Mar 8, 2011

Urinary Tract Infections

What is a urinary tract infection (UTI)?

          The urinary tract is comprised of the kidneys, ureters, bladder, and urethra A urinary tract infection (UTI) is an infection caused by pathogenic organisms (for eg. bacteria, fungi, or parasites) in any of the structures that comprise the urinary tract. However, this is the broad definition of urinary tract infections; many authors prefer to use more specific terms that localize the urinary tract infection to the major structural segment involved such as
                -urethritis (urethral infection),
                -cystitis (bladder infection),
                -ureter infection, and
                -pyelonephritis (kidney infection).
Other structures that eventually connect to or share close anatomic proximity to the urinary tract (for example, prostate, epididymis, and vagina) are sometimes included in the discussion of UTIs because they may either cause or be caused by UTIs.
UTIs are common, more common in women than men, leading to approximately 8.3 million doctor visits per year. Although some infections go unnoticed, UTIs can cause problems that range from dysuria (pain and/or burning when urinating) to organ damage and even death. The kidneys are the active organs that, during their average production of about 1.5 quarts of urine per day, function to help keep electrolytes and fluids (for example, potassium, sodium, water) in balance, assist removal of waste products (urea), and produce a hormone that aids to form red blood cells. If kidneys are injured or destroyed by infection, these vital functions can be damaged or lost.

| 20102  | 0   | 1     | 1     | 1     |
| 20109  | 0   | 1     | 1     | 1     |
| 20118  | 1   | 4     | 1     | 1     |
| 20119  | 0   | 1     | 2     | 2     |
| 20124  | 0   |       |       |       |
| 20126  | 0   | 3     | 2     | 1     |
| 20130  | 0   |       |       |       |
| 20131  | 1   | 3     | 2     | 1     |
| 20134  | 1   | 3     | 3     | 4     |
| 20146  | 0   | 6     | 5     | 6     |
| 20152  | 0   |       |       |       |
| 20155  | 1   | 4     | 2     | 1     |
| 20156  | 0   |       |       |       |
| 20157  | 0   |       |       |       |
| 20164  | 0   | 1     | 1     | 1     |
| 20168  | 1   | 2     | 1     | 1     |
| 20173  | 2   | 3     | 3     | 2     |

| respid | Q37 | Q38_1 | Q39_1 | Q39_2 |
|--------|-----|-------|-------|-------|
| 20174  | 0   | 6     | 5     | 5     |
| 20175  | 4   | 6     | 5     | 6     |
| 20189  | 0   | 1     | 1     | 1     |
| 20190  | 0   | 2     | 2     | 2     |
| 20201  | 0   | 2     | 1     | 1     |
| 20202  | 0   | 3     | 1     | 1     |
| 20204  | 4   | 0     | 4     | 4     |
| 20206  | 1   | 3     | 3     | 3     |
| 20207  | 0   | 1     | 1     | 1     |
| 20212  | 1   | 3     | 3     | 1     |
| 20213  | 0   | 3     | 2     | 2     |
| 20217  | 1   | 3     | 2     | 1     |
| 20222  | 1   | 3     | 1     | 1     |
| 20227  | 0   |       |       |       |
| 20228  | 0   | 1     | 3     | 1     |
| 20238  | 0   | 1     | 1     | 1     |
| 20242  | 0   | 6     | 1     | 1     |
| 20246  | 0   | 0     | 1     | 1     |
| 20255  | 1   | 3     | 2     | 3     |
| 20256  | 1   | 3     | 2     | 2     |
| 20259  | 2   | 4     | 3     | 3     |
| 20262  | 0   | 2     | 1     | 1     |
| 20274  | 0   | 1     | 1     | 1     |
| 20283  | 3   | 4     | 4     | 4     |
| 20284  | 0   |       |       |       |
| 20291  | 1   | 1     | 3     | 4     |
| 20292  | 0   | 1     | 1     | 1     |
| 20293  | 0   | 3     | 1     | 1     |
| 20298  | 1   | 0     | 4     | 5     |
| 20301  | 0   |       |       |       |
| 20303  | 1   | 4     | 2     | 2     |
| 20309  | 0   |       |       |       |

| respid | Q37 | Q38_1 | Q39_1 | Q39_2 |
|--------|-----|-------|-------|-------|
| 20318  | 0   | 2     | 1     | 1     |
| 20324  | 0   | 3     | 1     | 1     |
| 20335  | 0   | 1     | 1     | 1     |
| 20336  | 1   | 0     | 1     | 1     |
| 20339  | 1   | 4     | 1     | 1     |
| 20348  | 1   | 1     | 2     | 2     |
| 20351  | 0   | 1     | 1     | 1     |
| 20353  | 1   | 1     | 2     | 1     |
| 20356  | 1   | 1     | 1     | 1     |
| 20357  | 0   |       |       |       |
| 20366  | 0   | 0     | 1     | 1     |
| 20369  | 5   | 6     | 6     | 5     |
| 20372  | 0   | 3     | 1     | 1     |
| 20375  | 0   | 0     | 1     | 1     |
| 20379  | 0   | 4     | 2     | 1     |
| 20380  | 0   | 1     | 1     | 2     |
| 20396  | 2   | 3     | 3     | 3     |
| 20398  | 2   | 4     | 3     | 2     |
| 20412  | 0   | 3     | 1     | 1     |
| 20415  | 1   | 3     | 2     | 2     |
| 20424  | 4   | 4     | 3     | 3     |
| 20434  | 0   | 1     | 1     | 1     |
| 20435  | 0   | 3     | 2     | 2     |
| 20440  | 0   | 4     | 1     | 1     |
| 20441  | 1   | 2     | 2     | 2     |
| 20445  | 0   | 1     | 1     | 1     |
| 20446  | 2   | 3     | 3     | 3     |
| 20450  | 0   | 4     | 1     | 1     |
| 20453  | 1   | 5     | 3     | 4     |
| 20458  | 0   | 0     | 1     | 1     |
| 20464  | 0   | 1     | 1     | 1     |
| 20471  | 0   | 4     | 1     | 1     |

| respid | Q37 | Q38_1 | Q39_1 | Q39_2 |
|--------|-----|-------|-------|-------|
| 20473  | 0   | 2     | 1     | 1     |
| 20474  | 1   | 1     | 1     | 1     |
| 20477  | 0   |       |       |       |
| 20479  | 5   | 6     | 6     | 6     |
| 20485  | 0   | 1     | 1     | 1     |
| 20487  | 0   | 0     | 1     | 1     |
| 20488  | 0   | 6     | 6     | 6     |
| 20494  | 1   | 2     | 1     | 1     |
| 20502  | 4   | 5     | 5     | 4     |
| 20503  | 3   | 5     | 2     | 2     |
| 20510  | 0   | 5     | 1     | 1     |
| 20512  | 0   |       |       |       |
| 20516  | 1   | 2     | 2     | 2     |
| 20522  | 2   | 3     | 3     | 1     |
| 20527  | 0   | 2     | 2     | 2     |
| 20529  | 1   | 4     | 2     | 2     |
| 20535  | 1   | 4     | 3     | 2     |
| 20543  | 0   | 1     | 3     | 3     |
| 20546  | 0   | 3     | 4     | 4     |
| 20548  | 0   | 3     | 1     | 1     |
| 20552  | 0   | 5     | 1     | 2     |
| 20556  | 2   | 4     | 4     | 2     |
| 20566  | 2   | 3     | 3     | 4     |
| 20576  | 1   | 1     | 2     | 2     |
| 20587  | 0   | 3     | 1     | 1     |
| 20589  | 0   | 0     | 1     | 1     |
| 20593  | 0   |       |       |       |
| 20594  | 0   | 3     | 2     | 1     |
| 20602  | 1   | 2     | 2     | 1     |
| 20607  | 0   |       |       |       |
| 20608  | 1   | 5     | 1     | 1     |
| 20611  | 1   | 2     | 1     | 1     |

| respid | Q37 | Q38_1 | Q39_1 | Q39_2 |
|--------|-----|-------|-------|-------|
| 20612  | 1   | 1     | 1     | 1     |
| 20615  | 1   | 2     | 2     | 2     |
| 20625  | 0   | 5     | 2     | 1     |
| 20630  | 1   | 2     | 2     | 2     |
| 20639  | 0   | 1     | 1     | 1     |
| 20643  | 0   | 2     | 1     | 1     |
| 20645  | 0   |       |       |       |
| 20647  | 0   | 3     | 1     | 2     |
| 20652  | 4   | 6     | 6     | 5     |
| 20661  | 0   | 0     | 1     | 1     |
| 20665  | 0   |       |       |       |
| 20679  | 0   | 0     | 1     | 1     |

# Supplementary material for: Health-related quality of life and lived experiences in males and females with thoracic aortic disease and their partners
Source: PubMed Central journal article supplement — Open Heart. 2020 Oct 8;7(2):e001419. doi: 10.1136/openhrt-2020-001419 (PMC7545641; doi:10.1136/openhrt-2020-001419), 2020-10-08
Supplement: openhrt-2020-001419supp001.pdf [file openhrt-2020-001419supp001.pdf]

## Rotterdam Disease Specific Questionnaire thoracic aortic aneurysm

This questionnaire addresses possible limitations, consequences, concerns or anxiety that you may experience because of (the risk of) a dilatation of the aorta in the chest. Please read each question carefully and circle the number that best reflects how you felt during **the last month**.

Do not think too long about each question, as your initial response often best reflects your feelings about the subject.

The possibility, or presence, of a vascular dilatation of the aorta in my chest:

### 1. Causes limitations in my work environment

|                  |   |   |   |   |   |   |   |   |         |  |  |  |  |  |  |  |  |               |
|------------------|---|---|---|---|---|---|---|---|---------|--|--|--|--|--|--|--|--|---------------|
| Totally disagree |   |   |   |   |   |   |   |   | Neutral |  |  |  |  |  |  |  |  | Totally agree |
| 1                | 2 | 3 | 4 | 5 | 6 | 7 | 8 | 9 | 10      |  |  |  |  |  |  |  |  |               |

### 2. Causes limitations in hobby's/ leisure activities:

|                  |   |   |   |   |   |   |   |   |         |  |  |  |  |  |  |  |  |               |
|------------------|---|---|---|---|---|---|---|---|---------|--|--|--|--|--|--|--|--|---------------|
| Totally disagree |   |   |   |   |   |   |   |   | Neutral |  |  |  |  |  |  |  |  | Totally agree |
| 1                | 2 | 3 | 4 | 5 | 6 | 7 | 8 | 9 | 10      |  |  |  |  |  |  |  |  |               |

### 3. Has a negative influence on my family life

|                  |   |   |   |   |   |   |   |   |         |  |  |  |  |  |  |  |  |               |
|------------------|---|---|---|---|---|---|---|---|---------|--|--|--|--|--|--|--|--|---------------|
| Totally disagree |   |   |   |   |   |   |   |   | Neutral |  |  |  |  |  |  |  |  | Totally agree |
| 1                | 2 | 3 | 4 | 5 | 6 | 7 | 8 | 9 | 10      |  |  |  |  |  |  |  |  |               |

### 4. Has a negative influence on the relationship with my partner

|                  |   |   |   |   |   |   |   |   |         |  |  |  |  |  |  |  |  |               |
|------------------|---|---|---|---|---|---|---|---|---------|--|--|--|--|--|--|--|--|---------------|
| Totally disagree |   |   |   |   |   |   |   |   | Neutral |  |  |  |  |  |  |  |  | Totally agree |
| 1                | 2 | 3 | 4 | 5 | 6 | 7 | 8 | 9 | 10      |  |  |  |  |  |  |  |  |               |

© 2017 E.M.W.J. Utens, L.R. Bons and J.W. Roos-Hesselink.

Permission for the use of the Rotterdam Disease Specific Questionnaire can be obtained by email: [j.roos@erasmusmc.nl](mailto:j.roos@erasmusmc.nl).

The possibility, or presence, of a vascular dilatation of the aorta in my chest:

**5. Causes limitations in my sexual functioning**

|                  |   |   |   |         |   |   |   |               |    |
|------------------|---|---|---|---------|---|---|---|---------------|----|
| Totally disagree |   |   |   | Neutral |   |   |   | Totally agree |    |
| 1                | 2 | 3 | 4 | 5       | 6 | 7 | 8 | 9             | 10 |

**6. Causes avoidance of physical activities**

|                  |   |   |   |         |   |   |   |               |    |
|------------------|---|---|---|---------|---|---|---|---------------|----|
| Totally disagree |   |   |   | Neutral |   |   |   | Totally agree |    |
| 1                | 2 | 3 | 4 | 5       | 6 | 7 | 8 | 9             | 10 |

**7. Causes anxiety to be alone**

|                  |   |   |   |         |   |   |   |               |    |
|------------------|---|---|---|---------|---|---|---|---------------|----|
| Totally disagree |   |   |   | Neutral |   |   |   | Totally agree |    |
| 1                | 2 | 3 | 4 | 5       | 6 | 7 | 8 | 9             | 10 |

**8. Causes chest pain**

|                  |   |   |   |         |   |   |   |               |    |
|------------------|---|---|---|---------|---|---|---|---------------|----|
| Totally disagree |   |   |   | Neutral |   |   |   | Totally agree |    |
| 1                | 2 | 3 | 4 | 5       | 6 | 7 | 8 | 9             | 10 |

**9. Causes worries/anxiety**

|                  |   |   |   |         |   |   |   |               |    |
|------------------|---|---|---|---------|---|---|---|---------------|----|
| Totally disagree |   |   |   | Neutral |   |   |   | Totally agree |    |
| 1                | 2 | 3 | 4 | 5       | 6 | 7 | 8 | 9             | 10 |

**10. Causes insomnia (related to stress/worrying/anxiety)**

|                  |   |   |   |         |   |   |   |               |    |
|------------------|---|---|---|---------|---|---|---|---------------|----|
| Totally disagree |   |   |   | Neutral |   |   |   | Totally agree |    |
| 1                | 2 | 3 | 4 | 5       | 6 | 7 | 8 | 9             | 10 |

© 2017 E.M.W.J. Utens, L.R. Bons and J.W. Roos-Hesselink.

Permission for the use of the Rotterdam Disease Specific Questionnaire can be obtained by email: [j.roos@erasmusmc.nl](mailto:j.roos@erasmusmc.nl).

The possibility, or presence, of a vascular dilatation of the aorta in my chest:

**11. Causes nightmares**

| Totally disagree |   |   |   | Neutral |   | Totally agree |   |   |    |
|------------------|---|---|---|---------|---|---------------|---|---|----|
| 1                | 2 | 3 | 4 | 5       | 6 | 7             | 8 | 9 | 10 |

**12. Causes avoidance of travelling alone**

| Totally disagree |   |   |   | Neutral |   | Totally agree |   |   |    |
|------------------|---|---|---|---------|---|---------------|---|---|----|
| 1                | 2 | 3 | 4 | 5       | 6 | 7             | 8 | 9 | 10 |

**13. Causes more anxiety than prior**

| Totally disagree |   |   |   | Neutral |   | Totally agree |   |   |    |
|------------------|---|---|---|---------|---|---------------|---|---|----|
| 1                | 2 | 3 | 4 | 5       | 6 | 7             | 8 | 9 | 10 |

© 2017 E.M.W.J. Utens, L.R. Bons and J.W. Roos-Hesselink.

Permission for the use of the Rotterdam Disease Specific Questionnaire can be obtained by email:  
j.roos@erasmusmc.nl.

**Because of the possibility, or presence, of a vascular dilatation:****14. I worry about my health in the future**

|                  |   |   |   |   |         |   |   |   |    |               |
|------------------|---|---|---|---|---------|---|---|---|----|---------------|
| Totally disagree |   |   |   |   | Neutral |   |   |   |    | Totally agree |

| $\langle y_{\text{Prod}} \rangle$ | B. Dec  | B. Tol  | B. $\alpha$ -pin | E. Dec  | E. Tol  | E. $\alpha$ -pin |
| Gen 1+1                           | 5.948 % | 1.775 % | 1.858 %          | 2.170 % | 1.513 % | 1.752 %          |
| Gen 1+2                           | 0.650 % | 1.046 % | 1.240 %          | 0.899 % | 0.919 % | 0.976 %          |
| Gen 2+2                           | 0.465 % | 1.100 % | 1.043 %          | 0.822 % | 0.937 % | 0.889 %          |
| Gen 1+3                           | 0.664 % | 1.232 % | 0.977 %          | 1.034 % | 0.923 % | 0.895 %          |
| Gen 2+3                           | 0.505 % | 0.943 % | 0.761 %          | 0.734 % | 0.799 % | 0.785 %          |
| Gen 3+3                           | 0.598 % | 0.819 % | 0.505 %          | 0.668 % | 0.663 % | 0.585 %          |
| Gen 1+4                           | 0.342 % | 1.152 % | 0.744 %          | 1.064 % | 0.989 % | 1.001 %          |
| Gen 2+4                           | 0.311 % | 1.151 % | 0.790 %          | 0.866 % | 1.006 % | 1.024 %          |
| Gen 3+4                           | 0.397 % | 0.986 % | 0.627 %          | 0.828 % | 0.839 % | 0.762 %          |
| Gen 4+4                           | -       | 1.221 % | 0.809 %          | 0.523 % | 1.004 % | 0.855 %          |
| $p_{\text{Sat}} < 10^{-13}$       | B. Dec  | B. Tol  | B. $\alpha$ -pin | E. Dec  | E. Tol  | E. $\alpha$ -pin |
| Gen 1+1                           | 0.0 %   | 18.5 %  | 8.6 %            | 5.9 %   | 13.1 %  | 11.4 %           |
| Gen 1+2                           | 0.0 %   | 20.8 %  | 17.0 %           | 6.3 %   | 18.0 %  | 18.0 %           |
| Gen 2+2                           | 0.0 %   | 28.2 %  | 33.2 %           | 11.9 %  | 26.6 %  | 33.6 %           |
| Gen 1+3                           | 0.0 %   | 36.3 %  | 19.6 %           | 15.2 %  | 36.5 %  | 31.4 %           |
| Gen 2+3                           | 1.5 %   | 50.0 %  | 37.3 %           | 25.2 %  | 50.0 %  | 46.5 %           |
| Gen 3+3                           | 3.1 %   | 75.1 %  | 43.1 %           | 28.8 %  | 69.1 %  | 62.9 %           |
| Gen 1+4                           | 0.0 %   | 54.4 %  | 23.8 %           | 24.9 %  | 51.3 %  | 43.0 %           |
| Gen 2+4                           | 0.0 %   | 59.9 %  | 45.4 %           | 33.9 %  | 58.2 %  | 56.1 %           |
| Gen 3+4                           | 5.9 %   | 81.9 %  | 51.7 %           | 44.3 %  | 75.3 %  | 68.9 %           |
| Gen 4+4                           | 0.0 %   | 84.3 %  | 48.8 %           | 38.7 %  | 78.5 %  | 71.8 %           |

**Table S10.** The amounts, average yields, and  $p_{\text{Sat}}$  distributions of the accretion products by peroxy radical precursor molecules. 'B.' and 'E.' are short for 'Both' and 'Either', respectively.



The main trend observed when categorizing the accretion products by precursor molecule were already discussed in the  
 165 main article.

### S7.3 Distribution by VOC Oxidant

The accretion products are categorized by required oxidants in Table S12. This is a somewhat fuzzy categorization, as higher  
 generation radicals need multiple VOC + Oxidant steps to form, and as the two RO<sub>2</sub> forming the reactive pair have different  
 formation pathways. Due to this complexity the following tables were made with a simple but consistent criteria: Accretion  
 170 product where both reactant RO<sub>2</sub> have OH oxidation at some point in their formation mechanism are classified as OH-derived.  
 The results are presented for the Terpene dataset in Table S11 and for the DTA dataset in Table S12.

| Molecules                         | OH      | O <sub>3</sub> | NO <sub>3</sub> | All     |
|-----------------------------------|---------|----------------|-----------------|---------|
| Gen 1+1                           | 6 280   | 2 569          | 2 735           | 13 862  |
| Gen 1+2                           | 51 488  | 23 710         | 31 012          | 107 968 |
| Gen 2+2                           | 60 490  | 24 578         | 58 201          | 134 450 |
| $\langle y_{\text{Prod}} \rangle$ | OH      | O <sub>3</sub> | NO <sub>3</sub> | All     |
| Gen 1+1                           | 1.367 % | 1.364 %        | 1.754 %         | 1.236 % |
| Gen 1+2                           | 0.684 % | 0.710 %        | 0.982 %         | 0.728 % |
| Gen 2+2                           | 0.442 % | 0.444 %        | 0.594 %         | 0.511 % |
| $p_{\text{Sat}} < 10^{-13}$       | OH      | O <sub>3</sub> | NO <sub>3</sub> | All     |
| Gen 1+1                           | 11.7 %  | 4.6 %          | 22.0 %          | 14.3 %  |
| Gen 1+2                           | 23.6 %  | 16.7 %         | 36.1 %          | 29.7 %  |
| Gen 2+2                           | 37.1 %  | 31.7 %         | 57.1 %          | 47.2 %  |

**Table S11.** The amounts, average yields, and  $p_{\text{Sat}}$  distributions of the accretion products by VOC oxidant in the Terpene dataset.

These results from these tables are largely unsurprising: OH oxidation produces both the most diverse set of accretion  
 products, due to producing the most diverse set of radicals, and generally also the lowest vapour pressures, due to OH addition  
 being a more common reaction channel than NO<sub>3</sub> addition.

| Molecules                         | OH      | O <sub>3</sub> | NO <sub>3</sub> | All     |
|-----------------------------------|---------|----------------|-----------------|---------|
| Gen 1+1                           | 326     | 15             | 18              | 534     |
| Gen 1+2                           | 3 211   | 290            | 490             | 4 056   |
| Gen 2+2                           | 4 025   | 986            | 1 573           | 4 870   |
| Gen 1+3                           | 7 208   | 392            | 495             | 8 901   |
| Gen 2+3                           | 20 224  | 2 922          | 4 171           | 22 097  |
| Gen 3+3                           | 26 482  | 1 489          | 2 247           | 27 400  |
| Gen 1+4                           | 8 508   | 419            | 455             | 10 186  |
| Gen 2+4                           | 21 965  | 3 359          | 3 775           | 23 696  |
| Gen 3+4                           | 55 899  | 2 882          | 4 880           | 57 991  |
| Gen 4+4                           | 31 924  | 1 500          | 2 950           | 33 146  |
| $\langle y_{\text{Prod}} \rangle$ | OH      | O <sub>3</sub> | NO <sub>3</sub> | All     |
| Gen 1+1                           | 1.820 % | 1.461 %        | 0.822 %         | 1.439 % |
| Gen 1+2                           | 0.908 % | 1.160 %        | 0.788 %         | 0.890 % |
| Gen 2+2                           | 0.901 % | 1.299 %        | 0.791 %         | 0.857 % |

While some investigators state that UTIs are not transmitted from person to person, other investigators dispute this and say UTIs may be contagious and recommend that sex partners avoid relations until the UTI has cleared. There is no dispute about UTIs caused by sexually transmitted disease (STD) organisms; these infections (gonorrhea, chlamydia) are easily transmitted between sex partners and are very contagious.
Bacteria cause most urinary tract infections. The urinary tract includes the kidneys, ureters, bladder and urethra. Any part of your urinary tract can become infected, but bladder and urethra infections are the most common.

Why do women get urinary tract infections more often than men?

Women tend to get urinary tract infections more often than men because bacteria can reach the bladder more easily in women. The urethra is shorter in women than in men, so bacteria have a shorter distance to travel
The urethra is also located near the rectum in women. Bacteria from the rectum can easily travel up the urethra and cause infections.
Having sex may also cause urinary tract infections in women because bacteria can be pushed into the urethra. Using a diaphragm can lead to infections because diaphragms push against the urethra and make it harder to completely empty the bladder. The urine that stays in the bladder is more likely to grow bacteria and cause infections.